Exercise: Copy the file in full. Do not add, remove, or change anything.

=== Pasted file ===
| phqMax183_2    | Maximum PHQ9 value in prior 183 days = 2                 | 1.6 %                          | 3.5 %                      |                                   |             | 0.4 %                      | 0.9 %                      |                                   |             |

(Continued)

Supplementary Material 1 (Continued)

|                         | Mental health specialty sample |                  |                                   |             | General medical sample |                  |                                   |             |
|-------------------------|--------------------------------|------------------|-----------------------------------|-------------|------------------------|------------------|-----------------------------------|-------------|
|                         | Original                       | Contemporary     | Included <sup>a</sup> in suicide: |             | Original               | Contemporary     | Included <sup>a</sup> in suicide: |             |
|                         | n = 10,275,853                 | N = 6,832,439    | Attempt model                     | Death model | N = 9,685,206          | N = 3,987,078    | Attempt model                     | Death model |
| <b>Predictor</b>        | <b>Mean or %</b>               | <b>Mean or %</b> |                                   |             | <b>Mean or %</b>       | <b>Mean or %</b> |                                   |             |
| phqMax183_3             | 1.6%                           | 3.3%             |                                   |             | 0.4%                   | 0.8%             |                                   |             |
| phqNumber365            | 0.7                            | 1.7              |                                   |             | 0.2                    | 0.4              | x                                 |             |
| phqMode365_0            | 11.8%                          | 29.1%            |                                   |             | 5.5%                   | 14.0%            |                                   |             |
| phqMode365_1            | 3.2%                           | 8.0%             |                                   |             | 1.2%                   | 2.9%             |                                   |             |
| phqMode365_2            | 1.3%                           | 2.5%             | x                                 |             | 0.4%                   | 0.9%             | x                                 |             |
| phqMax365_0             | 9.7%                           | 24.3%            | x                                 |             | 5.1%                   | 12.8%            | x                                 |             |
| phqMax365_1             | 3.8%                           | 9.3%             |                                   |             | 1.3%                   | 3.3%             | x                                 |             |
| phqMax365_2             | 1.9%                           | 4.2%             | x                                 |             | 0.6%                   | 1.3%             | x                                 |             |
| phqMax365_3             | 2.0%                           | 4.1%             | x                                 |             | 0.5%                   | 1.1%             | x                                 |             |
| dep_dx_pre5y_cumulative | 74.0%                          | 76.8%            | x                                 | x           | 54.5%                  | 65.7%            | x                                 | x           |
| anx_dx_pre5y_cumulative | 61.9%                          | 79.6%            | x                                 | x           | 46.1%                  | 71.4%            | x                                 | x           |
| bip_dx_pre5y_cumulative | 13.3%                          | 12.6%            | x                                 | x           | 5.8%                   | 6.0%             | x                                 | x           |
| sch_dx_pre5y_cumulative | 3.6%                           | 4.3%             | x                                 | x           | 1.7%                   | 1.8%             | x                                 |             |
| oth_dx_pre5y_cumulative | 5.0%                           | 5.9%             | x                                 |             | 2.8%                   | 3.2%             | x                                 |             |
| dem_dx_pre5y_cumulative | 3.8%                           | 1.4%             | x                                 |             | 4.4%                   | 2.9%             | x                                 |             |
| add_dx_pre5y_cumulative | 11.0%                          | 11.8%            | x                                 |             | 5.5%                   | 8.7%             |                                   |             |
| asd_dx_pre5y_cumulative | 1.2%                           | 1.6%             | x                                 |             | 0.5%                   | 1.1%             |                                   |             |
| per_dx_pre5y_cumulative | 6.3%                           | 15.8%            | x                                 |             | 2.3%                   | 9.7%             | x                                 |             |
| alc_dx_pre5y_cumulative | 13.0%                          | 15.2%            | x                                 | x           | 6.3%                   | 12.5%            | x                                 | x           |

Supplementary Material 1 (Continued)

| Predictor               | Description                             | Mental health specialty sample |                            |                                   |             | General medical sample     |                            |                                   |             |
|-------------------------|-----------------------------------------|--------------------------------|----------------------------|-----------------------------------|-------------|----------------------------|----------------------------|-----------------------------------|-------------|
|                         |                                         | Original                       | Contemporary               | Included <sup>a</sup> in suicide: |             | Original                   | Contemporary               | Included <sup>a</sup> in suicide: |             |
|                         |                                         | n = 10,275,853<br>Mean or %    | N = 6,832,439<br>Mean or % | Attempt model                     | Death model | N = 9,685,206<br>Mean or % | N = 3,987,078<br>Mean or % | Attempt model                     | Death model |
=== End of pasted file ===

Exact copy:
| phqMax183_2    | Maximum PHQ9 value in prior 183 days = 2                 | 1.6 %                          | 3.5 %                      |                                   |             | 0.4 %                      | 0.9 %                      |                                   |             |

(Continued)

Supplementary Material 1 (Continued)

|                         | Mental health specialty sample |                  |                                   |             | General medical sample |                  |                                   |             |
|-------------------------|--------------------------------|------------------|-----------------------------------|-------------|------------------------|------------------|-----------------------------------|-------------|
|                         | Original                       | Contemporary     | Included <sup>a</sup> in suicide: |             | Original               | Contemporary     | Included <sup>a</sup> in suicide: |             |
|                         | n = 10,275,853                 | N = 6,832,439    | Attempt model                     | Death model | N = 9,685,206          | N = 3,987,078    | Attempt model                     | Death model |
| <b>Predictor</b>        | <b>Mean or %</b>               | <b>Mean or %</b> |                                   |             | <b>Mean or %</b>       | <b>Mean or %</b> |                                   |             |
| phqMax183_3             | 1.6%                           | 3.3%             |                                   |             | 0.4%                   | 0.8%             |                                   |             |
| phqNumber365            | 0.7                            | 1.7              |                                   |             | 0.2                    | 0.4              | x                                 |             |
| phqMode365_0            | 11.8%                          | 29.1%            |                                   |             | 5.5%                   | 14.0%            |                                   |             |
| phqMode365_1            | 3.2%                           | 8.0%             |                                   |             | 1.2%                   | 2.9%             |                                   |             |
| phqMode365_2            | 1.3%                           | 2.5%             | x                                 |             | 0.4%                   | 0.9%             | x                                 |             |
| phqMax365_0             | 9.7%                           | 24.3%            | x                                 |             | 5.1%                   | 12.8%            | x                                 |             |
| phqMax365_1             | 3.8%                           | 9.3%             |                                   |             | 1.3%                   | 3.3%             | x                                 |             |
| phqMax365_2             | 1.9%                           | 4.2%             | x                                 |             | 0.6%                   | 1.3%             | x                                 |             |
| phqMax365_3             | 2.0%                           | 4.1%             | x                                 |             | 0.5%                   | 1.1%             | x                                 |             |
| dep_dx_pre5y_cumulative | 74.0%                          | 76.8%            | x                                 | x           | 54.5%                  | 65.7%            | x                                 | x           |
| anx_dx_pre5y_cumulative | 61.9%                          | 79.6%            | x                                 | x           | 46.1%                  | 71.4%            | x                                 | x           |
| bip_dx_pre5y_cumulative | 13.3%                          | 12.6%            | x                                 | x           | 5.8%                   | 6.0%             | x                                 | x           |
| sch_dx_pre5y_cumulative | 3.6%                           | 4.3%             | x                                 | x           | 1.7%                   | 1.8%             | x                                 |             |
| oth_dx_pre5y_cumulative | 5.0%                           | 5.9%             | x                                 |             | 2.8%                   | 3.2%             | x                                 |             |
| dem_dx_pre5y_cumulative | 3.8%                           | 1.4%             | x                                 |             | 4.4%                   | 2.9%             | x                                 |             |
| add_dx_pre5y_cumulative | 11.0%                          | 11.8%            | x                                 |             | 5.5%                   | 8.7%             |                                   |             |
| asd_dx_pre5y_cumulative | 1.2%                           | 1.6%             | x                                 |             | 0.5%                   | 1.1%             |                                   |             |
| per_dx_pre5y_cumulative | 6.3%                           | 15.8%            | x                                 |             | 2.3%                   | 9.7%             | x                                 |             |
| alc_dx_pre5y_cumulative | 13.0%                          | 15.2%            | x                                 | x           | 6.3%                   | 12.5%            | x                                 | x           |

Supplementary Material 1 (Continued)

| Predictor               | Description                             | Mental health specialty sample |                            |                                   |             | General medical sample     |                            |                                   |             |
|-------------------------|-----------------------------------------|--------------------------------|----------------------------|-----------------------------------|-------------|----------------------------|----------------------------|-----------------------------------|-------------|
|                         |                                         | Original                       | Contemporary               | Included <sup>a</sup> in suicide: |             | Original                   | Contemporary               | Included <sup>a</sup> in suicide: |             |
|                         |                                         | n = 10,275,853<br>Mean or %    | N = 6,832,439<br>Mean or % | Attempt model                     | Death model | N = 9,685,206<br>Mean or % | N = 3,987,078<br>Mean or % | Attempt model                     | Death model |